You may experience wanting to use your father’s gold cufflinks, but do not have a shirt with the little cuff slits to accommodate them. You may find yourself wearing his severely starched white shirt (one of several his fifth and last wife sent you after he passed) to the new acting classes you are taking. Even when you are offering your kingdom up for a horse. Even when you are yelling, “Hey Stella!” into an imaginary, sweltering New Orleans night.
It’s been reported one may miss the smell of nail polish, from time to time. Think of her applying it. That little brush dipped in, dipped out. A shade called, Devil’s Sunburn Red. Transforming ordinary fingernails into five rubies in a setting as she lifts a glass of water to her lips.
You may recall your father’s use of the word “wiseacre” while you are watching a performance in class, massacring a scene that you know you could do better. How your father would say it when you got a phrase right on Wheel of Fortune well before half the letters were lighted up in that elegant manner by a young and classy Vanna White. How he told you, sotto voce, she was the only reason he watched. Then, that corny and indirectly praise-ready word again: “Wiseacre” when you figured out the next one. How warm it felt, like a freshly ironed shirt you put on quickly, before the heat has a chance to escape.
A heightened sensitivity to sound is less common, but possible. One of the actors might tell you with bluster and a straight face that he is a descendant of the devil. And when you stare at him as though he is a chin-high pile of horse shit, he might insist: “No, really. Not the Devil himself, but a minor one. I did a family tree search with this expert, and he narrowed it down to the foothills of Potenza. That’s in Italy.” His eyes were piercing, laser-darting. “Exorcisms run in my family.” Then his tight and earnest expression might suddenly come apart. “Ha-ha-ha… Had you, didn’t I?”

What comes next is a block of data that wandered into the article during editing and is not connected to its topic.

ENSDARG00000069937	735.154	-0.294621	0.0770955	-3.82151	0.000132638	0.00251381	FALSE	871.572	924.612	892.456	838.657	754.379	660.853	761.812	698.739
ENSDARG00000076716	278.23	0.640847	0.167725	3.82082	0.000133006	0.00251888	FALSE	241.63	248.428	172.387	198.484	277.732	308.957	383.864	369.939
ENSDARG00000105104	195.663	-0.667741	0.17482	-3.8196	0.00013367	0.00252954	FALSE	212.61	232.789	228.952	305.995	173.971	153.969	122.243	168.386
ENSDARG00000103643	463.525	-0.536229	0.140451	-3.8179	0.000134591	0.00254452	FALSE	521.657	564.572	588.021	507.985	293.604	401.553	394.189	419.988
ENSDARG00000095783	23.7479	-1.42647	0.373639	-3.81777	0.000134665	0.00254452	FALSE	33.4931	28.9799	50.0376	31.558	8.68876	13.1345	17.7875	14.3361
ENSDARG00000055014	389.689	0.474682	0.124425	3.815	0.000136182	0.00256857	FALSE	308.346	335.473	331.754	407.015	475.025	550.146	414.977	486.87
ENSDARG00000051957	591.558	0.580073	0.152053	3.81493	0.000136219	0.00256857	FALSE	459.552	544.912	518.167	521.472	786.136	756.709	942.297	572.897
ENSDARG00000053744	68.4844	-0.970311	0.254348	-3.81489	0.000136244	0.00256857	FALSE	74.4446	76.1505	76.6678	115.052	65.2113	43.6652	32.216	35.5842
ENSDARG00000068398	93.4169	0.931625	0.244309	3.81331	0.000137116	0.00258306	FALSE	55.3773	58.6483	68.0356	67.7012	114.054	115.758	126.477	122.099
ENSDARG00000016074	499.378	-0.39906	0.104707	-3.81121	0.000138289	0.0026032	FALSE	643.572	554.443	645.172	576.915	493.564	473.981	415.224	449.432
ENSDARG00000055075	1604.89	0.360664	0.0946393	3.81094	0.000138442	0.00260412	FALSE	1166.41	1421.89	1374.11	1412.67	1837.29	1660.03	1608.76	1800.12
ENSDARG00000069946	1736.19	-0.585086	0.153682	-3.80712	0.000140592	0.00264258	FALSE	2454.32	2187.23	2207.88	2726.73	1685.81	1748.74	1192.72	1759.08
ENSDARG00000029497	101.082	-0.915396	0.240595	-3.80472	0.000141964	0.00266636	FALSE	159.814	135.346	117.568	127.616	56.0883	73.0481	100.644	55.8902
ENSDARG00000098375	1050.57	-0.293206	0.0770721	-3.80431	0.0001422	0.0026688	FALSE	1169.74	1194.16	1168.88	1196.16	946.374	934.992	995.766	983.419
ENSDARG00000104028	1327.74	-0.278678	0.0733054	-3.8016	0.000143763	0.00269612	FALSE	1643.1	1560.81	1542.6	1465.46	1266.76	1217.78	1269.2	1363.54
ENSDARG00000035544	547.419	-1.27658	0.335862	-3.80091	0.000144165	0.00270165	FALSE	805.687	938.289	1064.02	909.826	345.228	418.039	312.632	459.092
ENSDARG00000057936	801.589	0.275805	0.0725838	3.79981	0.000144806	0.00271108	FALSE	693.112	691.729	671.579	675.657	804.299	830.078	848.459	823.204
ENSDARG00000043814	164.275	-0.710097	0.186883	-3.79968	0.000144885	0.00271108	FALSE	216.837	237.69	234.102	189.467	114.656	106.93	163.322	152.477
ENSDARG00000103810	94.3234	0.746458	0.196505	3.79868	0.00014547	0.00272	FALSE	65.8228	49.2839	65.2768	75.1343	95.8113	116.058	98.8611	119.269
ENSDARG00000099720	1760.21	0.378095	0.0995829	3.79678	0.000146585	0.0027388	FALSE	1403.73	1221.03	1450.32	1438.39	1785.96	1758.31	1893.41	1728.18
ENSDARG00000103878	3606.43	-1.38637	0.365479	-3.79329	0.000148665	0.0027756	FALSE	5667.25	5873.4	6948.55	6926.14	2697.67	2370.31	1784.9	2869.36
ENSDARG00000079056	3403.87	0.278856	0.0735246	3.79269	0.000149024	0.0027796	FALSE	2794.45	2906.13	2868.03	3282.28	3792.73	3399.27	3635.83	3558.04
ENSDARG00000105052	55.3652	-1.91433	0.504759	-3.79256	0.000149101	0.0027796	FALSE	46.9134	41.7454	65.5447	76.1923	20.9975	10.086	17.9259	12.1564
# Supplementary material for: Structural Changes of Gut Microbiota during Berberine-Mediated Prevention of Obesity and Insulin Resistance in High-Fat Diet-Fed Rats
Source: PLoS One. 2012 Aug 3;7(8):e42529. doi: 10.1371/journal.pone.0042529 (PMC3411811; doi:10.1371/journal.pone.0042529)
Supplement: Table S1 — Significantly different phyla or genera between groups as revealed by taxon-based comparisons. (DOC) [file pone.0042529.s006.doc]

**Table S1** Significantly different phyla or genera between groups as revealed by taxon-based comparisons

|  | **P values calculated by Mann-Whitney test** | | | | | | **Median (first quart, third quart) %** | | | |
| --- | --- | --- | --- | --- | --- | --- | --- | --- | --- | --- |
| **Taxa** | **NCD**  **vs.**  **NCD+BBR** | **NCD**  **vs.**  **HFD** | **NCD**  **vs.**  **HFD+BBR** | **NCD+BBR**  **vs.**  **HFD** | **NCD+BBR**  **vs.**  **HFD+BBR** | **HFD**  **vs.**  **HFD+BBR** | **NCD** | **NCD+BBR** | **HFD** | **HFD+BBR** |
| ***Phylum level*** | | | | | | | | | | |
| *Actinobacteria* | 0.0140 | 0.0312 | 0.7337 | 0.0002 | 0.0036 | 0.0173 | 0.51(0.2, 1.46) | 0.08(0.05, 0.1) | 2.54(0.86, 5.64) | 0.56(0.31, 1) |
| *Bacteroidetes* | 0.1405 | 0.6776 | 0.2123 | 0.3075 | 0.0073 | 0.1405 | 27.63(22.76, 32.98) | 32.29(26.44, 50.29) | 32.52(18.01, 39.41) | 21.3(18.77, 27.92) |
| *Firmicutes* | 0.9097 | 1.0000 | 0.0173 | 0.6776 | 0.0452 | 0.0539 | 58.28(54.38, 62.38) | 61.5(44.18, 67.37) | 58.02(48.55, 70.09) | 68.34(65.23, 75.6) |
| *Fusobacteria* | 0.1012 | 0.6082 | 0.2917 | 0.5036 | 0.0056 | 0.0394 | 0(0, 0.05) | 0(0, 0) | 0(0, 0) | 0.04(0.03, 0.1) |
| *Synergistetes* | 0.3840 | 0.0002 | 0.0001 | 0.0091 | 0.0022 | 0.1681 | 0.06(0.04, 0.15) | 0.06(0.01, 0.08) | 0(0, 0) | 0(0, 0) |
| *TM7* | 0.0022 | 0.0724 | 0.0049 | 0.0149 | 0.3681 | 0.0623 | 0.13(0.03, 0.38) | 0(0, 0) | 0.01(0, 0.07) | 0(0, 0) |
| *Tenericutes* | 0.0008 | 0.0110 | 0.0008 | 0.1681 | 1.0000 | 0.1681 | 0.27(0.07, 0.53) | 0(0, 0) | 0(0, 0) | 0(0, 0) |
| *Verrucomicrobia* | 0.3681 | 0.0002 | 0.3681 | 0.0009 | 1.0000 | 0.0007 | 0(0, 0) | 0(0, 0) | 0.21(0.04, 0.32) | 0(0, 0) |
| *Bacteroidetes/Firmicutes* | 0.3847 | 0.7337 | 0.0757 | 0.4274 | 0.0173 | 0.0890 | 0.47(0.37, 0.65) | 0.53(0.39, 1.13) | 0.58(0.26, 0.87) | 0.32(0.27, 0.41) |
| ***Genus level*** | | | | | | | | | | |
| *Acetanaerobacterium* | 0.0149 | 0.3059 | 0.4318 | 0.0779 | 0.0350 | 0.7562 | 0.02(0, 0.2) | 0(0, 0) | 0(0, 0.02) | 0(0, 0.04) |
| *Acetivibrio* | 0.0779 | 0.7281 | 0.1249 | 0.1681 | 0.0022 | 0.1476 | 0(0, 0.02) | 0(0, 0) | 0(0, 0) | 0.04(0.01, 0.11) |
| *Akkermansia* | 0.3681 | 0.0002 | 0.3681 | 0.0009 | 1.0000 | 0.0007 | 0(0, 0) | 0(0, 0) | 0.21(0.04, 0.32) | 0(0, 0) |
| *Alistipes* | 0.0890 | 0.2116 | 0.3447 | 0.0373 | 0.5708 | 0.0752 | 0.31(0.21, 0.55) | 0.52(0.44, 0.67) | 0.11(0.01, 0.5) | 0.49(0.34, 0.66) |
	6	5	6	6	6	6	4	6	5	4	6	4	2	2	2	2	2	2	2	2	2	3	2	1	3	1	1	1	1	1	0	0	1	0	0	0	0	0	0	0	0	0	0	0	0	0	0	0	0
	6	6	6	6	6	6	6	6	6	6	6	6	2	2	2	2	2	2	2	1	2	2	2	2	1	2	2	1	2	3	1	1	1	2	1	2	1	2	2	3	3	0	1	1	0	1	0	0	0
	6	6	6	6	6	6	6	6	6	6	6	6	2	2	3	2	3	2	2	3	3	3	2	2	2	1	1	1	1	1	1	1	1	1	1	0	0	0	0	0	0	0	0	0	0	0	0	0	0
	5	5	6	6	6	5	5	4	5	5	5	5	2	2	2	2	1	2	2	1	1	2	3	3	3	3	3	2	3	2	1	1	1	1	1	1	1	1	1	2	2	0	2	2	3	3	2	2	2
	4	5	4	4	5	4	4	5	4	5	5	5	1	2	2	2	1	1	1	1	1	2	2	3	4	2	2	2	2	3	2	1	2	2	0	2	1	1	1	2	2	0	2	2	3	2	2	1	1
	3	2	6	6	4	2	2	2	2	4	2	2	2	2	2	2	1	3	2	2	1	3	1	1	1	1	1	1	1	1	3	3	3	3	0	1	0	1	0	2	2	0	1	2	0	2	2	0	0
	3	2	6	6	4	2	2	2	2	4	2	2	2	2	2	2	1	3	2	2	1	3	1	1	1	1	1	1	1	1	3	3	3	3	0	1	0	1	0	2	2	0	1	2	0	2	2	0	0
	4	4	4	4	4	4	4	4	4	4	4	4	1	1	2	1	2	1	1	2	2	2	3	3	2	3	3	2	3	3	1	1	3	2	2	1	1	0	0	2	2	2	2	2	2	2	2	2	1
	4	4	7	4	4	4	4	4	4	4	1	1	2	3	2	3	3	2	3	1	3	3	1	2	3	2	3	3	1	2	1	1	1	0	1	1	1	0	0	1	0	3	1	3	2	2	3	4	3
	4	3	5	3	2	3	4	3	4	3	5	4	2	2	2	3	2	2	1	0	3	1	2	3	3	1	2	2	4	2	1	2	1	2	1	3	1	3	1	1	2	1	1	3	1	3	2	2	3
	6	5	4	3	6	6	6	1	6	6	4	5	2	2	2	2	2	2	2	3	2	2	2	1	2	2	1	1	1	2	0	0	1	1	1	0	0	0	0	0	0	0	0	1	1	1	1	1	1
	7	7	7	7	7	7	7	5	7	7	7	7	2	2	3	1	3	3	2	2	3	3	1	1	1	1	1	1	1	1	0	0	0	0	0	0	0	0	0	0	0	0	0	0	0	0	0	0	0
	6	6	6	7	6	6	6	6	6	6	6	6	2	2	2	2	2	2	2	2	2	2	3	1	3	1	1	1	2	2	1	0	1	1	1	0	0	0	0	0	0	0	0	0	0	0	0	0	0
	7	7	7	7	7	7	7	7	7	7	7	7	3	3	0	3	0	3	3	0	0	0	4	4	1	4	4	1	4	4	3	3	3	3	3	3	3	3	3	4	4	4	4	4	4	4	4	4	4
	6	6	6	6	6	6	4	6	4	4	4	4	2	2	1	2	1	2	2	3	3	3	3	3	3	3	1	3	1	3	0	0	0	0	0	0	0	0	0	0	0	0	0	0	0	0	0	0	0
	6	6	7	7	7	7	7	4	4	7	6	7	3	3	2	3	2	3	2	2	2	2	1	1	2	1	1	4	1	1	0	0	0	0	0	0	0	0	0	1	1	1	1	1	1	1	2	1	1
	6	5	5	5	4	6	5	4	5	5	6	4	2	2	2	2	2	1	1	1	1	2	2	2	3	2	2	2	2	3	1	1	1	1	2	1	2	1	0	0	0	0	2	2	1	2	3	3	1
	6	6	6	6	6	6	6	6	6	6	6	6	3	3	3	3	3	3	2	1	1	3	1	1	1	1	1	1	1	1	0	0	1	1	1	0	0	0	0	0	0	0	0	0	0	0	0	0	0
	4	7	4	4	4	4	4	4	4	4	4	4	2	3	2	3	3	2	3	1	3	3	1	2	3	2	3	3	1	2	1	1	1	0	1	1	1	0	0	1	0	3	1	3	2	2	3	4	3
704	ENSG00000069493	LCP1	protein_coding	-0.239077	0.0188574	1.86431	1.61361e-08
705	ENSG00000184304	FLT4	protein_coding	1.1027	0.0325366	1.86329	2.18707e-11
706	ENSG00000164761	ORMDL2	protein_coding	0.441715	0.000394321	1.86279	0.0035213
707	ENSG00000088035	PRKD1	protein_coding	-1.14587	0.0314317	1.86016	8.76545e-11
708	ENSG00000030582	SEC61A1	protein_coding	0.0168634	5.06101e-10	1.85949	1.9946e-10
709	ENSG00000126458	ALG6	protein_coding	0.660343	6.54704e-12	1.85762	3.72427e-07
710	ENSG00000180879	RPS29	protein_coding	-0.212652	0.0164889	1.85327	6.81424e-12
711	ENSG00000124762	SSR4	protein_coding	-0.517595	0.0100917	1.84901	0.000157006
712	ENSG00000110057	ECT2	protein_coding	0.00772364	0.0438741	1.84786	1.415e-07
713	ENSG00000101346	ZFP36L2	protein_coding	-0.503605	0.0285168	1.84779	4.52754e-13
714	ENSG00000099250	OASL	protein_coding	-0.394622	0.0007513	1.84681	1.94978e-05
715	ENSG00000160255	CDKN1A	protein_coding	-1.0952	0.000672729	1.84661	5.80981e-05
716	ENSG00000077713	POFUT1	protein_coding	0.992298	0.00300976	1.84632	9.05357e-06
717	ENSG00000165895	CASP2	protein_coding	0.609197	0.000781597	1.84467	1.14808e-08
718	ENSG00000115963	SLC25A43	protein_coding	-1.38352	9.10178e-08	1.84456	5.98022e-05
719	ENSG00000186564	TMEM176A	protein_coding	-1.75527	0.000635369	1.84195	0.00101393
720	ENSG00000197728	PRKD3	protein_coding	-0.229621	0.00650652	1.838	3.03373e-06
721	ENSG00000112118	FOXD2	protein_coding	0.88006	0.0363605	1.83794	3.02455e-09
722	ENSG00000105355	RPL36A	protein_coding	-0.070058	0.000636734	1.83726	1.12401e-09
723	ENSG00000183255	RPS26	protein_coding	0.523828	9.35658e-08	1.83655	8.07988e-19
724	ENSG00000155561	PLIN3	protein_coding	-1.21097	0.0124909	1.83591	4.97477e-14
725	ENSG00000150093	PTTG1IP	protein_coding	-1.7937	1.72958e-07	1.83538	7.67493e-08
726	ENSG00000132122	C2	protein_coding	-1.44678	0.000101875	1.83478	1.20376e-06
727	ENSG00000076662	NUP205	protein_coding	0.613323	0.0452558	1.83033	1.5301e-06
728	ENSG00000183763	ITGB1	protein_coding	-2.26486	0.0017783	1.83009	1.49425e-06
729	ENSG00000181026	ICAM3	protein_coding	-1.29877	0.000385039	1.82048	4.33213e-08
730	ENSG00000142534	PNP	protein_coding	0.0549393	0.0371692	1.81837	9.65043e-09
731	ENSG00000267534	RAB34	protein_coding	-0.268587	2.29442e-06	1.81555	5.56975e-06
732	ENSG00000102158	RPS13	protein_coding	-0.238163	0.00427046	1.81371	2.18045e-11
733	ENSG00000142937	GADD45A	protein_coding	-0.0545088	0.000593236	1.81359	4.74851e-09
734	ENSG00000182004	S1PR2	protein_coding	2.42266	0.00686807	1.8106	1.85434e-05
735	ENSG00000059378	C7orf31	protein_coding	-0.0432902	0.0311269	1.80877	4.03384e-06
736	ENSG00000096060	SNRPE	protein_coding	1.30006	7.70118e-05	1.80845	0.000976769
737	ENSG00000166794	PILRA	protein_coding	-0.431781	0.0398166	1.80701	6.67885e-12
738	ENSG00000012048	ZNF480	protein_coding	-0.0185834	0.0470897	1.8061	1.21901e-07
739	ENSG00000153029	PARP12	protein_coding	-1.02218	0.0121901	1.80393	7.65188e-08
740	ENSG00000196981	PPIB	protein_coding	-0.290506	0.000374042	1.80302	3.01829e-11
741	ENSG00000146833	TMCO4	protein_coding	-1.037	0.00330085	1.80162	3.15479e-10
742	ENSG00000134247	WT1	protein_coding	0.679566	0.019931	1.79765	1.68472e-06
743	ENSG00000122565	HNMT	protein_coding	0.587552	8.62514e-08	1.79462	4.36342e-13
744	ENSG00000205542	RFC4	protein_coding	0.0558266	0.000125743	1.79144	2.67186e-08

You may experience an augmenting, but un-acted-upon throat clutch and vise squeeze, followed by a fake laugh you’ve perfected. You might snap out of it, realizing you’ll be reading your part next after the break.
It is not uncommon to feel a variation of that “warm shirt” validating sensation when a lovely woman with purple lipstick tells you you’re brilliant and invites herself to your place to study lines. A few drinks later deciding clothes are extraneous, so you shed them and discover she is covered in tattoos. You might easily get lost in them. But it is also a “lost & found” and you grasp more and more elements of what have been found. Feel how smooth her skin is, even over that small mountain range, that scaly dragon’s tail… Find your breath again, afterward, as you share a joint (your first in many years). Maybe your first ever.
Other possible reactions may include: a keen sense that gravity has an “off” button. That laughing (honest laughing) is like riding a bike. That daylight can go on vacation, can return home again. That home can return home again—even to another location, and still be home. While studying lines together you might notice her nail polish bejeweling the page. Discover, you are both wiseacres in the making.
Robert Scotellaro has published widely in national and international books, journals and anthologies, including W.W. Norton's Flash Fiction International, The Best Small Fictions Anthology 2016 and 2017, NANO Fiction, Gargoyle, New Flash Fiction Review, The Journal of Compressed Creative Arts, and many others. He is the author of seven literary chapbooks, several books for children, and three flash story collections: Measuring the Distance (Blue Light Press, 2012), What We Know So Far, (winner of The 2015 Blue Light Book Award), and Bad Motel (Big Table Publishing, 2016). He was the recipient of Zone 3’s Rainmaker Award in Poetry. He has, along with James Thomas, edited the anthology New Micro: Exceptionally Short Fiction (W.W. Norton, 2018).